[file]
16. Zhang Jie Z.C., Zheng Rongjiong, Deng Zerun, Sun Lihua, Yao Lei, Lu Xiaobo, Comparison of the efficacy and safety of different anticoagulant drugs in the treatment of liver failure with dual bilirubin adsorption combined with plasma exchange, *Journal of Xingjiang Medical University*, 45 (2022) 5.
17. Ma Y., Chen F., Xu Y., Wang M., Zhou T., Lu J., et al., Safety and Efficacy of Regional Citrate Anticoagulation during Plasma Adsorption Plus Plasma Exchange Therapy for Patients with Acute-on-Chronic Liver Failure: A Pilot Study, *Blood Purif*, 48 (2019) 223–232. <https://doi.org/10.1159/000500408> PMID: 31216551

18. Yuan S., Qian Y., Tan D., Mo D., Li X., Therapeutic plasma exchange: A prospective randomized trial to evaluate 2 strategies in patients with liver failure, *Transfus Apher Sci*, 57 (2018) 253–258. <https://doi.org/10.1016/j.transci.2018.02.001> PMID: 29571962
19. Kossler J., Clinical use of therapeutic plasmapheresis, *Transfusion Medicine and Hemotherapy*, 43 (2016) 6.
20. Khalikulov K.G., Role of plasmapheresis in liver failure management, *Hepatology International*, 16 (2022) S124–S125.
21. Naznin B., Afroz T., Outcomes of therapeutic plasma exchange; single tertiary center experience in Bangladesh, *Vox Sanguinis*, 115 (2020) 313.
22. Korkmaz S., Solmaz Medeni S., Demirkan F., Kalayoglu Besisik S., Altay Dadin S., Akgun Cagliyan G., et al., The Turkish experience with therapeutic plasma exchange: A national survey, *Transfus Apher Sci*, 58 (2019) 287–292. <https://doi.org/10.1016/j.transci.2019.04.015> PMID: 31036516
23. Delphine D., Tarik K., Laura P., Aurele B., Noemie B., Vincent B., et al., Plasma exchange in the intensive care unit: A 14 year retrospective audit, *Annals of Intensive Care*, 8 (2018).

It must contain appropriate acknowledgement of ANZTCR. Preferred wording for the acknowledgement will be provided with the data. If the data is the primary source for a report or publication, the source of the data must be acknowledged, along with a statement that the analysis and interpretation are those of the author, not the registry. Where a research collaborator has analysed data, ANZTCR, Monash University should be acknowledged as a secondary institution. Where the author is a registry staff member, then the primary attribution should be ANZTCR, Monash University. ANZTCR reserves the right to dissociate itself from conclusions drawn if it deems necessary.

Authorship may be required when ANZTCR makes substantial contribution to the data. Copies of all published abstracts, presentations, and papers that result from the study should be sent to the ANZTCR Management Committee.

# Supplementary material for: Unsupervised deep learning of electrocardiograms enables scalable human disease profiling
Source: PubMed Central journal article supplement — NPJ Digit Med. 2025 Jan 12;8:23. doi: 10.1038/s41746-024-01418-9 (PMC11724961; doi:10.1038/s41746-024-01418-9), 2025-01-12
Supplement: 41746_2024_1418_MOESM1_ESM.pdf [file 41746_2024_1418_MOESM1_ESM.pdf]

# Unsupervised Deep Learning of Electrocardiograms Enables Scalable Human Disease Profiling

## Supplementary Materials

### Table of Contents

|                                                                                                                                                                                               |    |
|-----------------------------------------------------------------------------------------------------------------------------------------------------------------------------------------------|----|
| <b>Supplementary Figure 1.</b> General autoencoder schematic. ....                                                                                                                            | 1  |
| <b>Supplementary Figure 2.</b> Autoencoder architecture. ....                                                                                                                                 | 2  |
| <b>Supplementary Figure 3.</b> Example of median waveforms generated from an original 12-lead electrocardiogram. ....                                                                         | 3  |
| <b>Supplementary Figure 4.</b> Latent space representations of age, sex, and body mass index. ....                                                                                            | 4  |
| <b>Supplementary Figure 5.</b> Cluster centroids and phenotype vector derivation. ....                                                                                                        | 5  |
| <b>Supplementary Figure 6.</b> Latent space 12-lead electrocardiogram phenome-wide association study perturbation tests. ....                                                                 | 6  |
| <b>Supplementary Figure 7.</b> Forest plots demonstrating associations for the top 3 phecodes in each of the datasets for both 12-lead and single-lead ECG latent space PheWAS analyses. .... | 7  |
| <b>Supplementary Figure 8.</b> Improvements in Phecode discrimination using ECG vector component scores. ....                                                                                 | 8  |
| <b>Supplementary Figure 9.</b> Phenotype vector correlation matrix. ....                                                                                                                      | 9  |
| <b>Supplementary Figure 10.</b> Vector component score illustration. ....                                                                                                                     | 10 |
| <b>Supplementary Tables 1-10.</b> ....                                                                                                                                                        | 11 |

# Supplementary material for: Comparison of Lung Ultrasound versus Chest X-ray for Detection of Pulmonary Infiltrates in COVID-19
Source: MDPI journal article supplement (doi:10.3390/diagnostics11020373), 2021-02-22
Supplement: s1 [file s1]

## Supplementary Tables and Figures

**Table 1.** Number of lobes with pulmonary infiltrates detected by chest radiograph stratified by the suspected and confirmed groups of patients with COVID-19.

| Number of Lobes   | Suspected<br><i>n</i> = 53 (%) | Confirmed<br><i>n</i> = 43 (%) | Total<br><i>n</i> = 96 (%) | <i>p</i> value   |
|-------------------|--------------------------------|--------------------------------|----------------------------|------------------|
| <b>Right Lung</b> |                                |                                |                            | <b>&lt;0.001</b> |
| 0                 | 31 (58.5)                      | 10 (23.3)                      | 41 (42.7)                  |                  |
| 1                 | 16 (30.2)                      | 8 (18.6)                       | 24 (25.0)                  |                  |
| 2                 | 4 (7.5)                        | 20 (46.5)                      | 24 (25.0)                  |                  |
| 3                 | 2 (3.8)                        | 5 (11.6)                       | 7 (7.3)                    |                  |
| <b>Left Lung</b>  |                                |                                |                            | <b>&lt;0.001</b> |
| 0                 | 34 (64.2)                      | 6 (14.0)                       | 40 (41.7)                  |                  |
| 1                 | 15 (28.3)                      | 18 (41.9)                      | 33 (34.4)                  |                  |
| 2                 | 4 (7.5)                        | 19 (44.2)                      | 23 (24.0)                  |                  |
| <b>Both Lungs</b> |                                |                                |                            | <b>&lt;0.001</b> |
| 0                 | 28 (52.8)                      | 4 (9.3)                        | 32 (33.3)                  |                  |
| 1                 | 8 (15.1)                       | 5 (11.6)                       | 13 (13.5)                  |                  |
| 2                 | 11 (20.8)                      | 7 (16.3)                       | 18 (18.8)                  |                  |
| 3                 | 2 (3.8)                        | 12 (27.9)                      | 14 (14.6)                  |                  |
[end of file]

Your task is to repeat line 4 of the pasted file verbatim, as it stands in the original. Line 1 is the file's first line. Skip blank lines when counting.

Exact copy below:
19. Kossler J., Clinical use of therapeutic plasmapheresis, *Transfusion Medicine and Hemotherapy*, 43 (2016) 6.